Tim Tebow: Only One Book Left for Denver Broncos QB to Master

Ryan CookFeatured ColumnistJune 6, 2011

DENVER - DECEMBER 26:  Quarterback Tim Tebow #15 of the Denver Broncos rolls out and looks to deliver a pass against the Houston Texas at INVESCO Field at Mile High on December 26, 2010 in Denver, Colorado. The Broncos defeated the Texans 24-23.  (Photo by Doug Pensinger/Getty Images)
Doug Pensinger/Getty Images

Tim Tebow may not only be the Denver Broncos present and future one day, but it turns out he’s a great multi-tasker as well.

After absorbing the seemingly endless limelight that sometimes comes with being Pat Bowlen’s brainchild, Tebow has been quite comfortable balancing both his football life on one finger, and his fall-back career as an author on the other. Turns out he’s the only player who doesn’t really need an agent.

Donning his usual Procter & Gamble Crest smile and sporting some kind of stylish pinstripe suit this past week; Tebow hasn’t been backward when it comes to appreciating his fans. In fact, if he were any more loving, he’d be probably be mistaken for a presidential candidate—finally having a full grown head of hair obviously helps out that cause.

But after the recent success of his new book “Through My Eyes”, Tebow has earned more media credibility than perhaps Brett Favre and Joe Namath combined. All the while, his god given moxie continues to grant the Broncos a positive rap, if only his hard work off the field could somehow multiply with itself to become great between the hash marks.

Of course, Tebow has his very own jury to please. He has a large—scratch that, enormous—group of fans who want nothing more than to see him flick Kyle Orton out of the way. But don’t let that fool you. Tebow also has a bandwagon full of naysayers too, and not for the first time, they bring up a valid point about Denver’s little goody two shoes.

If the other 31 teams are smart—which they should be if the NFL grants them a year away from the field—Tebow has fast become one of the most predictable quarterbacks around town. Sure, in the span of three meaningless regular season games, he hasn’t offered us much to mull over, but right now, he’s a problem easily solved if you’re a defensive coordinator. Making Tebow the very opposite of what every good quarterback should be—scary.

You see, no one other than Tebow has tried harder to master everything the NFL has thrown at him in his rookie year. He’s handled the media well—almost too well at times. And if there were ever as many critics as there were lovers, Tebow has certainly made admirers out of a few people after six rushing touchdowns in a worthless 2010 season.

But as well and good as all of that is, Tebow’s endless extracurricular activities away from the field have gotten in the way of his homework. Or should I say the playbook.

In fact, his new role as an author/motivator/celebrity speaker/all around good guy, has almost made us lose sight of his indirect NFL future. And if Broncomaniac’s were scared by Denver’s quarterback situation before, panic may become the next epidemic in Colorado.

So what Tebow needs to do is this: master John Fox’s chunky playbook before it’s too late. Unfortunately, that very same playbook features a lot of Josh McDaniels’ no nonsense pass plays. But then again, McDaniels wasn’t picked up by the St. Louis Rams for failing.

It’s safe to say that Tebow’s rookie season was kept as simple as possible. When he was placed as starter, Tebow was sent on a variety of run plays—particularly the Power O—which resulted in that memorable bounce to the outside touchdown against the Jets.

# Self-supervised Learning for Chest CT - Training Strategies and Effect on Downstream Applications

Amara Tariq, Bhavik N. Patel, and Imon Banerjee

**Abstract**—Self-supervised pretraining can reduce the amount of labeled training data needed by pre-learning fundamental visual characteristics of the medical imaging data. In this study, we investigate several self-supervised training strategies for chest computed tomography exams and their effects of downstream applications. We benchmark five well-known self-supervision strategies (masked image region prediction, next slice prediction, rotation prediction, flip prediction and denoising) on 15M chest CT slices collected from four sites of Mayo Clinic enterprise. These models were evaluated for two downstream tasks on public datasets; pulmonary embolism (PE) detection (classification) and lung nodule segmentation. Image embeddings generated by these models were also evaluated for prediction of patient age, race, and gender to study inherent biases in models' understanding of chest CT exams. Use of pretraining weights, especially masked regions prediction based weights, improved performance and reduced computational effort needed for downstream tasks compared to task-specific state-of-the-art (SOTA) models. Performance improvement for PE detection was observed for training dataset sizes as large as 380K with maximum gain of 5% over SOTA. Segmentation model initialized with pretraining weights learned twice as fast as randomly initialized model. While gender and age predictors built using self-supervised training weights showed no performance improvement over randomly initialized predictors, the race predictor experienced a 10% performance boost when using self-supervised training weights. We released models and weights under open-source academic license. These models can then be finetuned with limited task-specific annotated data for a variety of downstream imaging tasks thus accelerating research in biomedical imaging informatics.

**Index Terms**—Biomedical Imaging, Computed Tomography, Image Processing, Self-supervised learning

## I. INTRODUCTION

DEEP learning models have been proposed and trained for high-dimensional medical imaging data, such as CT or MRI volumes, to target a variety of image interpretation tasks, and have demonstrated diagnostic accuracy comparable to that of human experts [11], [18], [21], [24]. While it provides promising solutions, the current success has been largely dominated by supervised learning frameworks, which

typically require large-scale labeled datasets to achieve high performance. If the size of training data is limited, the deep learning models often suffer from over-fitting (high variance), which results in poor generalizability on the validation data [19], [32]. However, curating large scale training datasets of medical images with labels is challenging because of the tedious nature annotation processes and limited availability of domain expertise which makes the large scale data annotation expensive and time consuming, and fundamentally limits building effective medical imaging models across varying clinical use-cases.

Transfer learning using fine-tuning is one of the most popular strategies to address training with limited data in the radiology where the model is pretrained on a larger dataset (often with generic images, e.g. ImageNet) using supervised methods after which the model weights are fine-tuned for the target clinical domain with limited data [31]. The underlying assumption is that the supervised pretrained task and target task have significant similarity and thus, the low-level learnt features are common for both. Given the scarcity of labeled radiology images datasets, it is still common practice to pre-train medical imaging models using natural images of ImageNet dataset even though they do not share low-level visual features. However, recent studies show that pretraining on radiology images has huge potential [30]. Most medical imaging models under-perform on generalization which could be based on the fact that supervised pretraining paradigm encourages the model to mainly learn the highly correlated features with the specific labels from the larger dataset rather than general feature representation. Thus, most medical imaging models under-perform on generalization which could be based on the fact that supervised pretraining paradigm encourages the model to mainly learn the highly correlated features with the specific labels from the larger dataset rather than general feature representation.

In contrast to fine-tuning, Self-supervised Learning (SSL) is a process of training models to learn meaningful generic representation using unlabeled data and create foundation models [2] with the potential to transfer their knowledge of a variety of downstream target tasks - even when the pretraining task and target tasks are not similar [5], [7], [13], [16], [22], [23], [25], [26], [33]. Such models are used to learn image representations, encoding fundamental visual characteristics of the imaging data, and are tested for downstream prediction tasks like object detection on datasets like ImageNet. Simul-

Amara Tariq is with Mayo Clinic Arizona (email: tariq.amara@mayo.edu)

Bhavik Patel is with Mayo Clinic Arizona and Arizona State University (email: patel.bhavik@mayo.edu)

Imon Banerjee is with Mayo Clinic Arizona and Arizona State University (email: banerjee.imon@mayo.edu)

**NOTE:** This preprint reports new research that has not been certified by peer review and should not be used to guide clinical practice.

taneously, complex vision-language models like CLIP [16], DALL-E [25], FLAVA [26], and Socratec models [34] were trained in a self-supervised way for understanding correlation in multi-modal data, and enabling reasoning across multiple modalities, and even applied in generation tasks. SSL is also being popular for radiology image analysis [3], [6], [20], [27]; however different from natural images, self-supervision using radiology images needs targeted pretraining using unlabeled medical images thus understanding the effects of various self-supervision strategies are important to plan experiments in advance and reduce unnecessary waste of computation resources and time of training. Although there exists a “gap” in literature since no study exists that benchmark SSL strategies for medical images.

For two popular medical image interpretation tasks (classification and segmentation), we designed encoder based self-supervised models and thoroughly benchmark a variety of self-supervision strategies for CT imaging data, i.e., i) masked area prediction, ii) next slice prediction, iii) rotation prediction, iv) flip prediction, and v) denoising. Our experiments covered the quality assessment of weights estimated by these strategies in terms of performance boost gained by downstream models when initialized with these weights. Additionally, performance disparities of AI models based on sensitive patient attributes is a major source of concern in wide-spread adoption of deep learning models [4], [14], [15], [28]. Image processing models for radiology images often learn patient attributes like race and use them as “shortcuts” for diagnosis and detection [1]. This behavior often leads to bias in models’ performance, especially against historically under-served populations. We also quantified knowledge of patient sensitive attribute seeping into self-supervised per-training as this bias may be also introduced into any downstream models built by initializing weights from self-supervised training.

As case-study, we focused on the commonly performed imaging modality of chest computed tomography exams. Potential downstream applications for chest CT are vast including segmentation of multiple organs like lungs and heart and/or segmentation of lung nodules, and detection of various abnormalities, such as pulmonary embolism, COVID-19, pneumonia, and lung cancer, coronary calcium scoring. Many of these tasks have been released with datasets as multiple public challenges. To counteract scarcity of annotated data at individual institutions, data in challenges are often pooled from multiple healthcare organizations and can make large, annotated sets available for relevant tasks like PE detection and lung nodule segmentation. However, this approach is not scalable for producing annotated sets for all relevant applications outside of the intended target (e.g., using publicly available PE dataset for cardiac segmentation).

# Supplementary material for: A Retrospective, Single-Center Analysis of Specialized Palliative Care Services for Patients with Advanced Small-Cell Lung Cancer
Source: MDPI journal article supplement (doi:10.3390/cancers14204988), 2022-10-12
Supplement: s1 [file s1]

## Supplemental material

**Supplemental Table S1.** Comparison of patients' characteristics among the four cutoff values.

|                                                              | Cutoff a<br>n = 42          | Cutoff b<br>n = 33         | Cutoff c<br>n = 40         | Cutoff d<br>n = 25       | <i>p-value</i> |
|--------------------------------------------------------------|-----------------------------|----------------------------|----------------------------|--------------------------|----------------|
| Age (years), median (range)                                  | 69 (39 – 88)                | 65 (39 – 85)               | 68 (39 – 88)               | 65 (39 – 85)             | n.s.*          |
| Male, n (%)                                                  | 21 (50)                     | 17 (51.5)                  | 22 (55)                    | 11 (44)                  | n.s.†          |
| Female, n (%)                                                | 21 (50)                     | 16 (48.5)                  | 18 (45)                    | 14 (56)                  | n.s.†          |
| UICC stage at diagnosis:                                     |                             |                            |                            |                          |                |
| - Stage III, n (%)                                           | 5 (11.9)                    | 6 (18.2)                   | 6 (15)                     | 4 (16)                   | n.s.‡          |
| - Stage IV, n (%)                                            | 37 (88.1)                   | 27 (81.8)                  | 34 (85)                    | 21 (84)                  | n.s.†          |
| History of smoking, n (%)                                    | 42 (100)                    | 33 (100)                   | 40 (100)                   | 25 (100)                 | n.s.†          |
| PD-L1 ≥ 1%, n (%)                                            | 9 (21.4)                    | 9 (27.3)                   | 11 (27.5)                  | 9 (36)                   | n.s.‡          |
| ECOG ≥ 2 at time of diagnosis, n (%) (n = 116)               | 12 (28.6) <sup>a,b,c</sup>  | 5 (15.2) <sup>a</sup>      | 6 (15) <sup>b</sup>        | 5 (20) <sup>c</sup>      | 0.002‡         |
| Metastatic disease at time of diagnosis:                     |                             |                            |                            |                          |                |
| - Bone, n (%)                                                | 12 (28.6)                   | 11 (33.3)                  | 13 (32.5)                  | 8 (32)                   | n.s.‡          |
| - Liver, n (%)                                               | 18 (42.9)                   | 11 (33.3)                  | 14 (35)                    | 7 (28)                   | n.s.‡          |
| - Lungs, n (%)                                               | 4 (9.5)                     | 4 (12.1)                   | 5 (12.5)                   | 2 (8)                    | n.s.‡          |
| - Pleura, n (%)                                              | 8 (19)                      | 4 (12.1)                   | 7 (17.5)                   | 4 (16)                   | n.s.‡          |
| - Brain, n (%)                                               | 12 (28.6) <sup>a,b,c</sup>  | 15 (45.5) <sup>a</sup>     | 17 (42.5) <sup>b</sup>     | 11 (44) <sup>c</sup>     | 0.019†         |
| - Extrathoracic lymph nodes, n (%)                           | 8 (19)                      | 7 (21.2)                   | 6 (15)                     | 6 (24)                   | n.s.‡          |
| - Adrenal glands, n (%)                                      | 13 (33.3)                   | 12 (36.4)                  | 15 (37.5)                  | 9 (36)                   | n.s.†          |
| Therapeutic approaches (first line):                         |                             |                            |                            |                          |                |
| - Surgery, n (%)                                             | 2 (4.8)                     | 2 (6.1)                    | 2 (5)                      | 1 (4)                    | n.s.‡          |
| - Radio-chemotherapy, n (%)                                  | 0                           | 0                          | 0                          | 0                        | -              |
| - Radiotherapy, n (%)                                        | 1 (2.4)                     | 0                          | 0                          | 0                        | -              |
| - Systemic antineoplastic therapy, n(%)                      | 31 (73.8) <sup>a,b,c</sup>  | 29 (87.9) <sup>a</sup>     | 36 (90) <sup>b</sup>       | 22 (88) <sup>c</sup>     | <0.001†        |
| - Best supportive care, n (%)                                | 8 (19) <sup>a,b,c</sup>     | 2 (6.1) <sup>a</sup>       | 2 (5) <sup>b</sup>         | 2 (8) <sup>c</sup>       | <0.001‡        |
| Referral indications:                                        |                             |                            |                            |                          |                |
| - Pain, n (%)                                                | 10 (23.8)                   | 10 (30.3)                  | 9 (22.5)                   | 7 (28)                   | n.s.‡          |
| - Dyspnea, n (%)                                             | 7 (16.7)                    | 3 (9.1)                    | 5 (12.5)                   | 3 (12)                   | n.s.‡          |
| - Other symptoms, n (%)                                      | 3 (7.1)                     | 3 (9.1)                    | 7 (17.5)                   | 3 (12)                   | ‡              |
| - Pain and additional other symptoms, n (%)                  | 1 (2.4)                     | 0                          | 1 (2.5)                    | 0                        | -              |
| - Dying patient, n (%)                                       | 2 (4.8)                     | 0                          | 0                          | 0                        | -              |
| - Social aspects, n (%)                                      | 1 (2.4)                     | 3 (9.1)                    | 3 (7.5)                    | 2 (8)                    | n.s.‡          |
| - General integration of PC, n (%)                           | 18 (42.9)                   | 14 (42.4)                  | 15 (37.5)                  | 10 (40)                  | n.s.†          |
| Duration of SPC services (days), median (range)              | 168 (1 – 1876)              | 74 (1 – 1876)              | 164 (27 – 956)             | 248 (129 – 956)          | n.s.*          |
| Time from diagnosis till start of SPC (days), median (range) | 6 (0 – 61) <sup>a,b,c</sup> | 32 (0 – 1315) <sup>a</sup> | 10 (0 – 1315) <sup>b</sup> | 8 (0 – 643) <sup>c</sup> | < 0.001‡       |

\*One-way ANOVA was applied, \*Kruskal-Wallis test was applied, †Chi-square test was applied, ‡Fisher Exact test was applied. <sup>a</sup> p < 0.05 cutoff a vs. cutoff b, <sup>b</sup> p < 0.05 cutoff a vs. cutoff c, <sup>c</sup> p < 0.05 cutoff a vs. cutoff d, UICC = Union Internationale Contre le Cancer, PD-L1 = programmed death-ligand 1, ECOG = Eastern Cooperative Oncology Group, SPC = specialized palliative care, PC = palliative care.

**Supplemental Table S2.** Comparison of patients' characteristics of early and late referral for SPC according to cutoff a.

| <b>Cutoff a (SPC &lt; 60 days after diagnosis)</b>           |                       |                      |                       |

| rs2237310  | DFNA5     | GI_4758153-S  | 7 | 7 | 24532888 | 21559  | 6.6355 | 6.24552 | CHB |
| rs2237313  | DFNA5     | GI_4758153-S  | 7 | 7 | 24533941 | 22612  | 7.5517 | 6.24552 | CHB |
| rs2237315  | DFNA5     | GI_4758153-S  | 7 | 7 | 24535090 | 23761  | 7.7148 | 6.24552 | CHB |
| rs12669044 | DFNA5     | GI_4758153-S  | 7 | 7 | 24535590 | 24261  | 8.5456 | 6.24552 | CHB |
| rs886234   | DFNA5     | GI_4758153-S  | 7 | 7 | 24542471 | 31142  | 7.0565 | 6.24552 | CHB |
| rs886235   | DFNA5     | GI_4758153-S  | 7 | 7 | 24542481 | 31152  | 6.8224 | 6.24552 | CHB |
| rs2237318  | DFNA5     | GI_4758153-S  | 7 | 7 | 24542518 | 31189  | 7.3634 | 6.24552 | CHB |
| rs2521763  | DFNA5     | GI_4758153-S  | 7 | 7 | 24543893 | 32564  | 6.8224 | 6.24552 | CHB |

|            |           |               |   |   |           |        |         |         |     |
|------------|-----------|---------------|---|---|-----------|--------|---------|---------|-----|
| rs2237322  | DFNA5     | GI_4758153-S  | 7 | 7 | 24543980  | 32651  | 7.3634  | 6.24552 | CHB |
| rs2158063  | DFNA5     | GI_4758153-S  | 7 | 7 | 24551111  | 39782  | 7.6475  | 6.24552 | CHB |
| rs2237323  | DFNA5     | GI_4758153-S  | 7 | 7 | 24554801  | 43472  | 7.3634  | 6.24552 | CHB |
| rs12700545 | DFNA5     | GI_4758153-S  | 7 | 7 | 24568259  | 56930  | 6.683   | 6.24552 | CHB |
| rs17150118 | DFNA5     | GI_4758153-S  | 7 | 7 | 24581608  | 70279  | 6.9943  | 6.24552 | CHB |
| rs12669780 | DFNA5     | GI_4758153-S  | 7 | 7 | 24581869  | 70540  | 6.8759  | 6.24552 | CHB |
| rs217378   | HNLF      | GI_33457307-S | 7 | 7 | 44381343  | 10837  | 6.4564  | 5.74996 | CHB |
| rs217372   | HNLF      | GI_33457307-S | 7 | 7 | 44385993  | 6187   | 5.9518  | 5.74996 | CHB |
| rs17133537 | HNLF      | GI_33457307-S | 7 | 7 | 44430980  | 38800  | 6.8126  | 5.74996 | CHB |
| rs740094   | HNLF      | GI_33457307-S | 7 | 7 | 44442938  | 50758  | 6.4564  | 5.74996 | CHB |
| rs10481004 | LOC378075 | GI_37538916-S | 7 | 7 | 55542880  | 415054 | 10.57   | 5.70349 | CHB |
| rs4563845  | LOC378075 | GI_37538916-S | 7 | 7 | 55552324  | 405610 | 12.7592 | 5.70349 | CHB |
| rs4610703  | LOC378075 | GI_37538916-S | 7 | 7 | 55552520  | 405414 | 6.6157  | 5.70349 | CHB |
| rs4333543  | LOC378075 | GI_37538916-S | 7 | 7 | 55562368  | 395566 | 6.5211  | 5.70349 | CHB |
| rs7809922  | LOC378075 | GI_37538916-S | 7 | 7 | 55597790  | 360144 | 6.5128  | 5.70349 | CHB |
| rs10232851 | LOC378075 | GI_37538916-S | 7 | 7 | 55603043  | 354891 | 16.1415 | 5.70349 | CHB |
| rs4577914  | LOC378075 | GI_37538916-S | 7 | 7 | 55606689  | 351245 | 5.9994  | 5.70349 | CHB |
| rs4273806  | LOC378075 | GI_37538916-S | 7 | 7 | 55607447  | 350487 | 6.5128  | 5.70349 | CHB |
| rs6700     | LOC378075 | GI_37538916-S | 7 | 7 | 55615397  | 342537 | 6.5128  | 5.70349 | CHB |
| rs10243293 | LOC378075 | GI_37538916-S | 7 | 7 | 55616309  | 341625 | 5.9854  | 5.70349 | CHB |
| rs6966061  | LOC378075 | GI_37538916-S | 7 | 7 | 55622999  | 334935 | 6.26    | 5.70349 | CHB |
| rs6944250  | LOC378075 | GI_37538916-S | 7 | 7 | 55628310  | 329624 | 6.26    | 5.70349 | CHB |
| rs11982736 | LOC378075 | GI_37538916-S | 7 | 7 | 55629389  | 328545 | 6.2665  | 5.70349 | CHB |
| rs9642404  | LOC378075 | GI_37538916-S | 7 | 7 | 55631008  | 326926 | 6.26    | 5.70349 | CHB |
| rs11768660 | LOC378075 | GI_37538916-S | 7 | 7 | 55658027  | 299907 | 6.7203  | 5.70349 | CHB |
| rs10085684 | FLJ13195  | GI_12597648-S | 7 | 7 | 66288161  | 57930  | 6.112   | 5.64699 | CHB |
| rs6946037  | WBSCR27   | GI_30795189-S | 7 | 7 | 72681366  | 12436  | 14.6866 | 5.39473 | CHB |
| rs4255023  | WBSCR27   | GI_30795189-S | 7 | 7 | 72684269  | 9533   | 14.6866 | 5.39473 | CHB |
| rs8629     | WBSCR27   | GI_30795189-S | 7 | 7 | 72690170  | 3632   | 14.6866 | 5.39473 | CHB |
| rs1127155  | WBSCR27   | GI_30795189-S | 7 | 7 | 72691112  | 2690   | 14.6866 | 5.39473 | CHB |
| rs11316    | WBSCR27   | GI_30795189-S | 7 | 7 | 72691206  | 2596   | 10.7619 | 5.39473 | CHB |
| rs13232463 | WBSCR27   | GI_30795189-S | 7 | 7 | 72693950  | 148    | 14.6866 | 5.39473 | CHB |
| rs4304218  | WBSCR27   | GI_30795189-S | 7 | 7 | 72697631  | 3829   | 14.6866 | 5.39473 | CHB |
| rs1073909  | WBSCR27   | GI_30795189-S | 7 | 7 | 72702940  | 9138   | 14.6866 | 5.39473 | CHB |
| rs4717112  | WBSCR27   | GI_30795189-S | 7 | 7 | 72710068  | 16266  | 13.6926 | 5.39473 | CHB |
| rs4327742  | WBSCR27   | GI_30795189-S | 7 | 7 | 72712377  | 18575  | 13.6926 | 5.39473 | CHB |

Tebow also spent a lot of time in the shotgun. Whether or not you value his five passing touchdowns is your own call. But in a 16-week season, those two plays aren’t going to win championships, let alone individual games.

What will win championships—actually, that’s a bit of a stretch—rather, what will win games, is the play action. The Broncos have the wide receivers, and perhaps the running back, to cash in on Tebow’s athletic ability.

Last year Denver’s red zone game was crummy under Kyle Orton, a quarterback who struggles to hit the target when the endzone shrinks. So to keep it three dimensional, at least under Tebow, Fox mustn’t be afraid of sending his second year quarterback outside of the pocket for exposure.

The Broncos shouldn’t be afraid of incorporating the run option into their offense, either. We saw it last year with Tebow on separate occasions. It worked. Magnificently. Therefore, it makes perfect sense to do it all over again in 2011. Obviously, someone needs to tell John Fox that.

But Denver does need to be careful on the ground game. It’s important not to ignore Knowshon Moreno, a running back who has to stand up next season if he has any hope of securing his starting role in the future. Yet more importantly, protecting your quarterback outside of the pocket is rule number one—and I’m not sure the Broncos have the lineman to do just that. Still, it’s worth a try.

There’s a lot that Tebow needs to learn, and quickly too. The playbook is one. The other, is familiarizing himself with the Broncos as a team, something Orton is beginning to establish after seeing success with wide receiver Brandon Lloyd last year.

Tebow also needs to work on his reads. It would be foolish not to expect a second year quarterback to throw an interception or two, but that’s what cost the Broncos so many scoring chances last season. Eyeing off cornerbacks and safeties is also important, as is accuracy. Two skills that will be improved simply through extended game time, if he can find it.

Tebow has mastered one book, and it only took him just under a year. That was nice to see. But the playbook would be a nice addition to Tebow’s ever growing library. And if nothing else, the lockout should provide him with enough free time to have a few solid study sessions.


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